Furniss RCD, Clements A, 2017, Regulation of the Locus of Enterocyte Effacement in Attaching and Effacing Pathogens., Journal of Bacteriology, Vol: 200, ISSN: 0021-9193

Attaching and Effacing (AE) pathogens colonise the gut mucosa using a Type Three Secretion System (T3SS) and a suite of effector proteins. The Locus of Enterocyte Effacement (LEE) is the defining genetic feature of the AE pathogens, encoding the T3SS and the core effector proteins necessary for pathogenesis. Extensive research has revealed a complex regulatory network that senses and responds to a myriad of host and microbiota-derived signals in the infected gut to control transcription of the LEE. These signals include microbiota-liberated sugars and metabolites in the gut lumen, molecular oxygen at the gut epithelium and host hormones. Recent research has revealed that AE pathogens also perceive physical signals, such as attachment to the epithelium, and that the act of effector translocation remodels gene expression in infecting bacteria. In this review we summarise our knowledge to date and present an integrated view of how chemical, geographical and physical cues regulate the virulence program of AE pathogens during infection.

Journal article

Mavridou DAI, Gonzalez D, Clements A, Foster KRet al., 2016, The pUltra plasmid series: a robust and flexible tool for fluorescent labeling of Enterobacteria, Plasmid, Vol: 87-88, Pages: 65-71, ISSN: 1095-9890

Fluorescent labeling has been an invaluable tool for the study of living organisms andbacterial species are no exception to this. Here we present and characterize the pUltraplasmids which express constitutively a fluorescent protein gene (GFP, RFP, YFP or CFP)from a strong synthetic promoter and are suitable for the fluorescent labeling of a broad rangeof Enterobacteria. The amount of expressed fluorophore from these genetic constructs issuch, that the contours of the cells can be delineated on the basis of the fluorescent signalonly. In addition, labeling through the pUltra plasmids can be used successfully forfluorescence and confocal microscopy while unambiguous distinction of cells labeled withdifferent colors can be carried out efficiently by microscopy or flow cytometry. We comparethe labeling provided by the pUltra plasmids with that of another plasmid series encodingfluorescent proteins and we show that the pUltra constructs are vastly superior in signalintensity and discrimination power without having any detectable growth rate effects for thebacterial population. We also use the pUltra plasmids to produce mixtures of differentiallylabeled pathogenic Escherichia, Shigella and Salmonella species which we test duringinfection of mammalian cells. We find that even inside the host cell, different strains can bedistinguished effortlessly based on their fluorescence. We, therefore, conclude that the pUltraplasmids are a powerful labeling tool especially useful for complex biological experimentssuch as the visualization of ecosystems of different bacterial species or of enteric pathogensin contact with their hosts.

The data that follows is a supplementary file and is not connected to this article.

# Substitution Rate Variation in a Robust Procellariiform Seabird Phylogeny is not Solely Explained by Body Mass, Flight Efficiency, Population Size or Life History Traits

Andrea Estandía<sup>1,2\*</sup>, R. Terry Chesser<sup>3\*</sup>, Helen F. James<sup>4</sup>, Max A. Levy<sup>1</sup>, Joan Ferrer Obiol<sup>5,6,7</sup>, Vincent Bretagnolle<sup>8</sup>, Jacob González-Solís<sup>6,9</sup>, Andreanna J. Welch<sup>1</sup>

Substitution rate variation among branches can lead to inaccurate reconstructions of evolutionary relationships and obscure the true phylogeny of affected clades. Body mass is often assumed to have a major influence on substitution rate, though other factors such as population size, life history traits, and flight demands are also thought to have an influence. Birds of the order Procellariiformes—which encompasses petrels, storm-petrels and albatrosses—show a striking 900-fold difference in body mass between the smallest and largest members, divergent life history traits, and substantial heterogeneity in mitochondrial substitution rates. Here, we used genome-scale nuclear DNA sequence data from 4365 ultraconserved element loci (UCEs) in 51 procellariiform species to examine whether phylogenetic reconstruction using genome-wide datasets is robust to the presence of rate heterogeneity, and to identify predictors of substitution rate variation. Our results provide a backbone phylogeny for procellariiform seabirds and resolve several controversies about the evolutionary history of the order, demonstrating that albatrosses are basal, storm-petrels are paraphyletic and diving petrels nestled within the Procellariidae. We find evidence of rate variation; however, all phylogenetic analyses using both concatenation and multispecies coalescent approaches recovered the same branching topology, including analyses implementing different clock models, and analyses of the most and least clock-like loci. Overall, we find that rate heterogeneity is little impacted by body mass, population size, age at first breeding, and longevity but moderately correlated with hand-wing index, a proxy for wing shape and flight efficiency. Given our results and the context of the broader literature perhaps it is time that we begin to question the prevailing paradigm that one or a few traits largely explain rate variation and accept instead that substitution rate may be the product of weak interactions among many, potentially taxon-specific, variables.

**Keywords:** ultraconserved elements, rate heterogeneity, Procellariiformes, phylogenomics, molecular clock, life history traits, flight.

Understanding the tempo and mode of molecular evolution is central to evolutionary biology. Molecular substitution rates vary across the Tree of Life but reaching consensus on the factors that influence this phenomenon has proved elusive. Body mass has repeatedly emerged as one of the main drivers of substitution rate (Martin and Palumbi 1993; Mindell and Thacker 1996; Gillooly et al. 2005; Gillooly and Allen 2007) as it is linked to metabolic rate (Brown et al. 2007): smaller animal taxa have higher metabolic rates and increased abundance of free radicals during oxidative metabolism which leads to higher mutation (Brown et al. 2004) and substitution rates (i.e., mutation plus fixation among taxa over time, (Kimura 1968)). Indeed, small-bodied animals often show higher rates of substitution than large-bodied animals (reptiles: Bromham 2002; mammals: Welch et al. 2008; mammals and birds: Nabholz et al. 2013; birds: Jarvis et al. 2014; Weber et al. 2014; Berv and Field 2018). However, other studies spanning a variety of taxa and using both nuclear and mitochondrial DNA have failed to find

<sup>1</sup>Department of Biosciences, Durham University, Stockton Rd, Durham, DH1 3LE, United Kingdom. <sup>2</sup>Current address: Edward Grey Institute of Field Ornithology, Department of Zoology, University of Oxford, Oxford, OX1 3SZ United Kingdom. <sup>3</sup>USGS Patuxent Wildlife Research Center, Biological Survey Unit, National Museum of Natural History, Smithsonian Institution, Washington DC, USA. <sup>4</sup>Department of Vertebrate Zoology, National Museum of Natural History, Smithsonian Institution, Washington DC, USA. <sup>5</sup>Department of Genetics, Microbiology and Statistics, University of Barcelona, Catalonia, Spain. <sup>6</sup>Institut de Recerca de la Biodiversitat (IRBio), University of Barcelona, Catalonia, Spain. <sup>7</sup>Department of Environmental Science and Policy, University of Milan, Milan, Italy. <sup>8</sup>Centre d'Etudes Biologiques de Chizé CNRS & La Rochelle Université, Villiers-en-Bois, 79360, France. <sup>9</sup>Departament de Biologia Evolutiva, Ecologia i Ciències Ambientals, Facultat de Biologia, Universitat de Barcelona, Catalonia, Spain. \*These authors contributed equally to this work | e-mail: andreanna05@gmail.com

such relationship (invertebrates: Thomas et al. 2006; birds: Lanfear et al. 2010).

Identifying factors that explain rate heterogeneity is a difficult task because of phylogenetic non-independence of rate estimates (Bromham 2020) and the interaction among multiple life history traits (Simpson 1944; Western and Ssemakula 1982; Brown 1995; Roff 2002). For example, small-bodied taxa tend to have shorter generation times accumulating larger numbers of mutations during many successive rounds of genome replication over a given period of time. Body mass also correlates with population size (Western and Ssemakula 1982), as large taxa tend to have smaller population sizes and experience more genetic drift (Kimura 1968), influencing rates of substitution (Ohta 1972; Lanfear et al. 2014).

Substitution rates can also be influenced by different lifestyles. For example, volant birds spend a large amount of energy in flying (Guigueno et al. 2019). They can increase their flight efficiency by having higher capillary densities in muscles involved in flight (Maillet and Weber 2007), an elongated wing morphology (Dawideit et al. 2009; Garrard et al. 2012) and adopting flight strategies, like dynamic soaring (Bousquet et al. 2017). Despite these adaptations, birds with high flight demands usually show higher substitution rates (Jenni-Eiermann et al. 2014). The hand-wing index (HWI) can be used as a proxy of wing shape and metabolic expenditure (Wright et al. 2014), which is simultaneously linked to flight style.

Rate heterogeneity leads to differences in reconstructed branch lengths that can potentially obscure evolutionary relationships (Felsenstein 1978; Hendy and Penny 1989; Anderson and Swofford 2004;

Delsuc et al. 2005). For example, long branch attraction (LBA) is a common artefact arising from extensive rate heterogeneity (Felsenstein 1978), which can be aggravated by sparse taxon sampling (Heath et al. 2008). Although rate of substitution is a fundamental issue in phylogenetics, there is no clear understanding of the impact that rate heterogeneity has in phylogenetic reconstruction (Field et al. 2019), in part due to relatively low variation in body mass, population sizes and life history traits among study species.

Journal article

Furniss RCD, Slater S, Frankel G, Clements Aet al., 2016, Enterohaemorrhagic E. coli modulates an ARF6:Rab35 signalling axis to prevent recycling endosome maturation during infection, Journal of Molecular Biology, Vol: 428, Pages: 3399-3407, ISSN: 1089-8638

Enteropathogenic and enterohaemorrhagic Escherichia coli (EPEC/EHEC) manipulate a plethora of host cell processes to establish infection of the gut mucosa. This manipulation is achieved via the injection of bacterial effector proteins into host cells using a Type III secretion system. We have previously reported that the conserved EHEC and EPEC effector EspG disrupts recycling endosome function, reducing cell surface levels of host receptors through accumulation of recycling cargo within the host cell. Here we report that EspG interacts specifically with the small GTPases ARF6 and Rab35 during infection. These interactions target EspG to endosomes and prevent Rab35-mediated recycling of cargo to the host cell surface. Furthermore, we show that EspG has no effect on Rab35-mediated uncoating of newly formed endosomes, and instead leads to the formation of enlarged EspG/TfR/Rab11 positive, EEA1/Clathrin negative stalled recycling structures. Thus, this paper provides a molecular framework to explain how EspG disrupts recycling whilst also reporting the first known simultaneous targeting of ARF6 and Rab35 by a bacterial pathogen.

Journal article

Larrouy-Maumus GJ, Abigail Clements, Alain Filloux, Ronan R McCarthy, Serge Mostowyet al., 2015, Direct detection of lipid A on intact Gram-negative bacteria byMALDI-TOF mass spectrometry, Journal of Microbiological Methods, Vol: 120, Pages: 68-71, ISSN: 1872-8359